Why Your Team Should Make Mistakes but Not Celebrate Them
What’s your mistake policy?
I always start with this question when companies ask me to help them build a culture of innovation.
Mistakes are a necessary component of change. However, most organizations don’t have a clear ‘policy’ on how to deal with mistakes. I’m not talking about rules of regulations but an explicit approach to how mistakes fit the company’s DNA.
Historically, mistakes equaled to incompetency. The message was: “If you commit a mistake, you will be fired.” Though that implicit threat is still present, more leaders now realize that mistakes are a crucial component of learning and development.
Celebrating mistakes has become, not only accepted but cool. A company where errors are given a place of honor is considered modern and innovative. The problem is that we are rapidly shifting from a culture of fear to one of zero accountability.
Teams should be encouraged to make mistakes. But errors are a mean to an end, not the goal. Mistakes must not be celebrated; what your team learns from them should.
Why companies are afraid of mistakes
“I err therefore I am.” — St. Augustine
Companies still have a hard time accepting that employees are human.
Most organizations operate with a perfectionist mindset. They plan ahead and then expect things to go as anticipated. But reality never meets expectations. That’s why your team’s ability to adapt to uncertainty is a competitive advantage. Those who can learn and adapt fast to what the real world throws at them, thrive in change.
Perfectionism is the worst enemy of innovation, as I wrote here.
Companies expect their teams to be flawless. But they are not. Perfectionism is a defense mechanism to silence people’s vulnerable side. Organizations proudly talk about human capital but then expect people to hide their emotions and true feelings.
The same happens to the rightness mindset. “This is the way things work here” is a perfect testament to that. Most organizations see the world through a right or wrong lens. Thus, becoming “Error Blind.” Pulitzer awardee Kathryn Schulz coined that term to explain how (most people) don’t have a clue to know they are wrong about something until it’s too late.
In addition to that, the wrongologist explains how our relationship with mistakes is embedded in our culture. In elementary school, we are taught that failing is associated to dumbs. As we grow up, we reinforce the notion that people that make mistakes are a failure. That’s why we focus our energy into NOT making errors ourselves. If you are a failure, you will be fired.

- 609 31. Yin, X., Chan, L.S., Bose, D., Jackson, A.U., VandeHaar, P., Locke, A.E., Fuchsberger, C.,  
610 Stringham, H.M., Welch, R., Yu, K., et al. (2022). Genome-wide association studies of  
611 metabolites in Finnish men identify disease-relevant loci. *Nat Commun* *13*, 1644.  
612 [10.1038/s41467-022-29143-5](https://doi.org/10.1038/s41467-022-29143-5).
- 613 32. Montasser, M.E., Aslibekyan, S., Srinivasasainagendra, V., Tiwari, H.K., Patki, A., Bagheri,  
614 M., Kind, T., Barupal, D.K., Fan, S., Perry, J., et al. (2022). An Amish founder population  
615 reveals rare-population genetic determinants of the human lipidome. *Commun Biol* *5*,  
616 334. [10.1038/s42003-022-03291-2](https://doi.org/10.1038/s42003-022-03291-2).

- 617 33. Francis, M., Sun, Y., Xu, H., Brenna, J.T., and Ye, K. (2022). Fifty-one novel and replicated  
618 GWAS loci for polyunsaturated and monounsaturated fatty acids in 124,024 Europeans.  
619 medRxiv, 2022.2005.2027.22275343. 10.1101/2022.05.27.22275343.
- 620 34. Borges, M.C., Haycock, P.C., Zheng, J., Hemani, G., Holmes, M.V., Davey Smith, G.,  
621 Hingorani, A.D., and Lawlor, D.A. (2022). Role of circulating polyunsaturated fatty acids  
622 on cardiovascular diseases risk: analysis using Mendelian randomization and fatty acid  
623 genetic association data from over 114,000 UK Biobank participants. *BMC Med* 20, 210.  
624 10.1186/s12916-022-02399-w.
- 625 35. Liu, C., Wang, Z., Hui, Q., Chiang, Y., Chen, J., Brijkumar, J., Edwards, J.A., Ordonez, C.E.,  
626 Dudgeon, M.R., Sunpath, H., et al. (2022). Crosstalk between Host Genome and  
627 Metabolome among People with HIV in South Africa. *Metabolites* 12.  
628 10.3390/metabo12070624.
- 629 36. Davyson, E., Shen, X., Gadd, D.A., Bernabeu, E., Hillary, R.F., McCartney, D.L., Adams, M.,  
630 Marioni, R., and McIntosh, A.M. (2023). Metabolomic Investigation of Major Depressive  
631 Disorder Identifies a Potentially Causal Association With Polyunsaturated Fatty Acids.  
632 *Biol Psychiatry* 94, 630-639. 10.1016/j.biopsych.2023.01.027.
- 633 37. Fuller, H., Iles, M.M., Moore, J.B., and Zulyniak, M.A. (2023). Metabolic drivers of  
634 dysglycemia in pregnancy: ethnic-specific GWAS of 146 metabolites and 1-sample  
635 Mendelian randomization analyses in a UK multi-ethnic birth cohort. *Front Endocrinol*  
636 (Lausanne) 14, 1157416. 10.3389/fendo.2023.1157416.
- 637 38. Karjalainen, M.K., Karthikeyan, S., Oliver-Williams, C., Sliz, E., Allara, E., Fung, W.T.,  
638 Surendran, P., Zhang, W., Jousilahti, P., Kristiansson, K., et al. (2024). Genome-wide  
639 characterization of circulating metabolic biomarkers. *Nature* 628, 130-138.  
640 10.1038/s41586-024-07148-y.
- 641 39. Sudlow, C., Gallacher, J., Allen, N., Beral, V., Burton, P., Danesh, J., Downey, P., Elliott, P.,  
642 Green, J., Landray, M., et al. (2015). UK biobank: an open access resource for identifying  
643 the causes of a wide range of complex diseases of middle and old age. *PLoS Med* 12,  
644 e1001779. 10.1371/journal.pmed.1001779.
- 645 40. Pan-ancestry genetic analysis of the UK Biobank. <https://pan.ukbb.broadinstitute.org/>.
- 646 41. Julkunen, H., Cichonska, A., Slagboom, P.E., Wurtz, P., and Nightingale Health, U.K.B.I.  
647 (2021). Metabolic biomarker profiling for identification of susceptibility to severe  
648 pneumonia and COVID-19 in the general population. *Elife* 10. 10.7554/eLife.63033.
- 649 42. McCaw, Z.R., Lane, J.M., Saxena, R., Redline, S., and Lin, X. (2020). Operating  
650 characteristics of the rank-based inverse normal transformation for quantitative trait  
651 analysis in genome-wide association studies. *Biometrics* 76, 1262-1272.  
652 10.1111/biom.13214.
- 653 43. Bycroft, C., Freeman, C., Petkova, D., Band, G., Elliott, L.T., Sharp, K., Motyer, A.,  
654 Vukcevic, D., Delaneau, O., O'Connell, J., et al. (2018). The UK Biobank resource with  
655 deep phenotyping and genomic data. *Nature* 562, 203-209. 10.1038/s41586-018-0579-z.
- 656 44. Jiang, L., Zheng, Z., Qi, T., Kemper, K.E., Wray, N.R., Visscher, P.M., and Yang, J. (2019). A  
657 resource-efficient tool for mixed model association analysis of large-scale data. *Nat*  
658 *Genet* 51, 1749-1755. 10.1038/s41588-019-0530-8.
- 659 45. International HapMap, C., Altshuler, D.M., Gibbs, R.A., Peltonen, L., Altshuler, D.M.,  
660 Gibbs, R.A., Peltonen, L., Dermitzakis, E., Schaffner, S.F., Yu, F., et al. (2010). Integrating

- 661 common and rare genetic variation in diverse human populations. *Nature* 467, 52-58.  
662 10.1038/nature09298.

Understanding that employees are human is critical. Sounds obvious, but most people miss the point. When you accept imperfection as standard, you are better prepared to deal with mistakes. Organizations must let go of the rightness and perfectionist mindsets, and embrace a learning mind.
Remove the fear of making mistakes but, most importantly, encourage your team to learn from them.
The unspoken rules of mistakes
“You don’t learn to walk by following rules. You learn by doing, and by falling over.” — Richard Branson
How organizations approach mistakes is a guessing game. When there’s lack of clarity or transparency, people will create their own assumptions. Unspoken rules shape how your team behaves, as I explained here.
Here are some of the most common unwritten rules on errors.
- The more afraid people feel about making errors, the more they will make.
- Fear of being punished encourages people to hide their mistakes.
- When people don’t admit making an error, solving it will become more expensive once you find out.
- Companies that are error blind are not just acting on denial but missing valuable learning opportunities.
- Organizations’ double standards about mistakes erode trust (people know better).
In the end, mistakes are part of our human nature. They will happen regardless, so you’d better embrace them to help improve your game.